Annuals vs. Perennials — What’s the Difference?
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Planning to grow a flower garden? Learn definitions to the common gardening terms you need to know before you visit the garden center.
Annuals vs. Perennials and Other Gardening Terms to Know
Whether you are just beginning or you’ve been in the garden for decades, give yourself a refresher on some common gardening terms. The next time you chat with a garden center employee or a neighbor over the back fence, you’ll sound like a pro.
Annuals vs. Perennials
It may seem logical that an annual plant comes back annually. But that would be a perennial plant, as in a perennial star year after year. An annual plant blooms, goes to seed and dies all in one growing season, so it needs to regenerate itself annually. Annuals are typically fast growing.
A biennial plant sprouts one year, flowers the next and then dies.
This is another way of saying “going to seed.” Lettuce plants bolt as hot weather sets in. Sensing their time is short, they hurriedly form seed for the next generation.
For gardeners, deadheading plants means removing old flowers after they wilt. This encourages new blooms and keeps the plant from going to seed.
Determinate vs. Indeterminate
A determinate plant has a predetermined size, at which point it stops growing. An indeterminate plant has a less definite mature size — it grows until something stops it, such as a barrier or a fall frost.
In spring, a gardener transitions tender plants outdoors by slowly introducing them to wind and direct sunlight until they adjust to their new surroundings.
This is a sweeping term describing whatever a plant is growing in, whether it’s topsoil, potting mix or compost.
Pruning vs. Pinching
Pruning is the purposeful removal of unwanted growth, perhaps using hand pruners to cut back a stem or a chainsaw to remove a limb. Pinching is a form of pruning during which part of the stem tip is removed near a node to encourage side branching.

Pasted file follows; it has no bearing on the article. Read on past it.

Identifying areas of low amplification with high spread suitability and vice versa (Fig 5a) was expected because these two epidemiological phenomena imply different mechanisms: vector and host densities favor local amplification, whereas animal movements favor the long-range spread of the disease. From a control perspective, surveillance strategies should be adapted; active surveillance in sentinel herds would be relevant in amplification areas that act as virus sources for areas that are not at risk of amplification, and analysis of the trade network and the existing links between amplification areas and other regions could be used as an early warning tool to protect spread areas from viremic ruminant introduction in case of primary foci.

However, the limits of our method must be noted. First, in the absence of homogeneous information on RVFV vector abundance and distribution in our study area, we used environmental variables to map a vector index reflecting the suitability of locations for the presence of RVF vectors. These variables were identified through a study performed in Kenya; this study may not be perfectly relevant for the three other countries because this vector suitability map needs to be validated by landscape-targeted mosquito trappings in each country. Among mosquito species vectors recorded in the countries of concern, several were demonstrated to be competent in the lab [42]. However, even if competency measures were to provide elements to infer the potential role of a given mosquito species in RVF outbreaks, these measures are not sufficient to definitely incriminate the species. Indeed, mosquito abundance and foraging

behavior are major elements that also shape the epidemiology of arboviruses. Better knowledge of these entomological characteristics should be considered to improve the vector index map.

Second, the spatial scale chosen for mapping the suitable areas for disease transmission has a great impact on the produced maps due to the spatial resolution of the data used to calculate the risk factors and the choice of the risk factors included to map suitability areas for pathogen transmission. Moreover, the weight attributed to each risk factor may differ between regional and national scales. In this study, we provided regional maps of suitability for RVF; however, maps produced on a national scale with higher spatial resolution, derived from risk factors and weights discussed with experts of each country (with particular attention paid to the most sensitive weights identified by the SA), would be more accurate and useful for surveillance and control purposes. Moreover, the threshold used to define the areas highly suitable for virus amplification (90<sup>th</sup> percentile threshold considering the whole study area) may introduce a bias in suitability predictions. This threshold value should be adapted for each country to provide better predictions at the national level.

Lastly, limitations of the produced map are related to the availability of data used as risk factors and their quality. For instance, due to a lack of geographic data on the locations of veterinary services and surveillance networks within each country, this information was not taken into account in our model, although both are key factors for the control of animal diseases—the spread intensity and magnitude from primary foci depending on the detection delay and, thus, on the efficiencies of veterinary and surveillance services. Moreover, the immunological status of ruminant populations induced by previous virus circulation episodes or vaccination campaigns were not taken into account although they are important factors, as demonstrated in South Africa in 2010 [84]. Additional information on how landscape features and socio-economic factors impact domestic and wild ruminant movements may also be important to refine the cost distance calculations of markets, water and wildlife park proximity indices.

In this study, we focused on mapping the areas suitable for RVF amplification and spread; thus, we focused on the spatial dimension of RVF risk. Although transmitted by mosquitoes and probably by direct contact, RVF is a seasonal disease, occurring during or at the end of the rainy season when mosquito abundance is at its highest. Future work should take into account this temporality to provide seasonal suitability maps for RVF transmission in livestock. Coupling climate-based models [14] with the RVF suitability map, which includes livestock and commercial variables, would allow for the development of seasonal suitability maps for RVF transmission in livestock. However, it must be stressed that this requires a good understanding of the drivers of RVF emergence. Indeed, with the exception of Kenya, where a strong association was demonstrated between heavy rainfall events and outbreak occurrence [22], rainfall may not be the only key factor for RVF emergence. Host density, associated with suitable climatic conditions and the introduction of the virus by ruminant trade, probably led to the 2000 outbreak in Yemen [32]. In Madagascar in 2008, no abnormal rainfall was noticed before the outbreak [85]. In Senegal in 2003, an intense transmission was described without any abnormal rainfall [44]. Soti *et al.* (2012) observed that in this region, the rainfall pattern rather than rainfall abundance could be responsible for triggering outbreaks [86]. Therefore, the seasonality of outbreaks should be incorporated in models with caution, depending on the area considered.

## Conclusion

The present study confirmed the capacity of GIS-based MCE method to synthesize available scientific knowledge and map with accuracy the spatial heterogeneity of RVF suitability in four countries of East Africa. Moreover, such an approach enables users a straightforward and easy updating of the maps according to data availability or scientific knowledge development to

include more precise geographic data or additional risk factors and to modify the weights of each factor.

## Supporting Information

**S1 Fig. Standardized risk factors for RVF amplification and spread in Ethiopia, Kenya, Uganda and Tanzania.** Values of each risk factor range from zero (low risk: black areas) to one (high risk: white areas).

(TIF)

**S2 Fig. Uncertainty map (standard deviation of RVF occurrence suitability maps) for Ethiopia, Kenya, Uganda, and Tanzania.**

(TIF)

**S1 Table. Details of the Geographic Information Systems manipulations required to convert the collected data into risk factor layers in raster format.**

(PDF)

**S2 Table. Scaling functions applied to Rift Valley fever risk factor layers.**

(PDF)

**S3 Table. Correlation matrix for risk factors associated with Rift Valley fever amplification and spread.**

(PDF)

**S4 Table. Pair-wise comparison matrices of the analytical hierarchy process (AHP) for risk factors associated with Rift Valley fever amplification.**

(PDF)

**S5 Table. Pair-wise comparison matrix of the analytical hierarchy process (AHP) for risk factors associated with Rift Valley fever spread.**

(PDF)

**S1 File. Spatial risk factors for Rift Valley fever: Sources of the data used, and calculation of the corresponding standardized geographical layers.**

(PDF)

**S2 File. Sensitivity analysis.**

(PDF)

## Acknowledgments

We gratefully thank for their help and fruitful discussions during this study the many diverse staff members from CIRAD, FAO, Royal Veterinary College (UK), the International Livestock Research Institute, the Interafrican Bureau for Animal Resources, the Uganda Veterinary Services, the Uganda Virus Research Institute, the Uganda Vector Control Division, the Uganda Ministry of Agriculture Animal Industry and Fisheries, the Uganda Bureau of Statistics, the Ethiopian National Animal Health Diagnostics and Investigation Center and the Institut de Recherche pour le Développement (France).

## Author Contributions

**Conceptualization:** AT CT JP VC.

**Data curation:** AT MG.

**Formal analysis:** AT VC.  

Scarification vs. Stratification
These are two treatments to get seeds to sprout. Scarification is nicking the outer coat, while stratification is subjecting the seed to cold for a period of time, mimicking winter.
This term simply means topping off the soil with up to an inch of fertilizer, compost or other soil amendment to replenish the area and aid growth.
Plants that sprout on their own without the intervention of people are known as volunteers, whether they come from acorns left by squirrels or seeds dropping on bare soil.
You are xeriscaping if your landscaping features plants that tolerate drought and need little irrigation.
Garden Reference Books
Review the fundamentals of planting, potting and pruning with Beginner Gardening Step by Step: A Visual Guide to Yard and Garden Basics. The book provides solutions to common backyard problems and features DIY projects with helpful how-to photographs.
Whether your lot covers several acres or is a little bigger than a postage stamp, Gardening for Beginners: Your Starting Guide to Learn How to Grow Anything from Decorative Plants to Backyard Vegetables helps you plan for a beautiful and productive garden.